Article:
Baptist moderates typically see themselves as orthodox Christians who hold firmly to an evangelical understanding of the Gospel. Some of them emphasize social aspects of the faith more than some of their more conservative brethren do (in their opinion). Others want to encourage members of the progressive left to keep up their doctrinal and practical explorations in the hope that we can learn something of value from them. What truly distinguishes the moderate is the commitment to freedom. They often proclaim, in Voltaire-like echoes, that they will defend to the death your right to be wrong, whether you are to the left or the right of them. Against the left and the right, they oppose the "fundamentalist" spirit of exclusive claims to truth and the frequently expressed desire to exclude or marginalize one's opponents.
Instead, they want everyone to be present at the table in the hopes that we can all exhibit the humility and openness necessary to learn from one another in a spirit of Christian comity. From the right we can learn the value of "conserving" what has proven important and valuable in our tradition; from the left we can learn from a progressive "openness" to the Spirit of the Living God who still moves among the churches.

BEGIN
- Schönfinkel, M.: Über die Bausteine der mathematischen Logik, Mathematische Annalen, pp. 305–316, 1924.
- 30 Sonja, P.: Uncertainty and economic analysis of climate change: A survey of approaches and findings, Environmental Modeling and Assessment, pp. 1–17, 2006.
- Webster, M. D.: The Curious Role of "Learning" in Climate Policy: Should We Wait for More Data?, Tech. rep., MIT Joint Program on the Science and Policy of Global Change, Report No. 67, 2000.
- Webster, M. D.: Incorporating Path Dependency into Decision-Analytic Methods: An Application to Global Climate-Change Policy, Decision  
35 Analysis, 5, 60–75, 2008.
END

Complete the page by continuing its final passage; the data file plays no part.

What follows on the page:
They aver that what made Baptists Baptists traces to the idea of freedom. Indeed, their reading of Baptist history celebrates as the central genius a commitment to freedom. For moderates freedom is the big idea that brought Baptists out of the British/European theological morass. They see emphasis upon boundaries as contrary to the Baptist ethos.
IMHO, the error of the moderates derives from their misunderstanding of history, both Christian and Baptist. All basic forms of church polity (Episcopal, Presbyterian, and Congregational) have the advantage of being rooted in the Biblical record and operating with common-sense checks and balances. Trying to absolutize one value (e.g., freedom) without the counterbalance of agreed upon boundaries and the comprehension of other truths risks the entire enterprise.
With respect to Baptist history, which of our original Baptist forbearers would they have us emulate? The ones behind the First London Confession of Faith ( 1644), Second London Confession of Faith (1677), Philadelphia Confession of Faith & Catechism (1742), or maybe the 1858 Abstract of Principles with its Calvinistic emphases and insistence upon very strict boundaries for fellowship? These freedom loving Baptists did not seem to shrink from insisting on fairly specific doctrinal affirmations for Baptist clergy and congregations in order to remain in fellowship with the larger association.
Only in our "have it your way" era of "Burger King" theology has it been seen as unbaptistic to draw such boundaries. It simply will not do to proclaim the Baptist value of “freedom” without also affirming some boundaries of agreed upon beliefs and practices. Such an attempt is fundamentally “unbaptistic” and contrary to the spirit and the practice animating our Baptist founders. Without a balance of values, all we have left is the sad plea of a Rodney King “theology”: “Can’t we just get along.”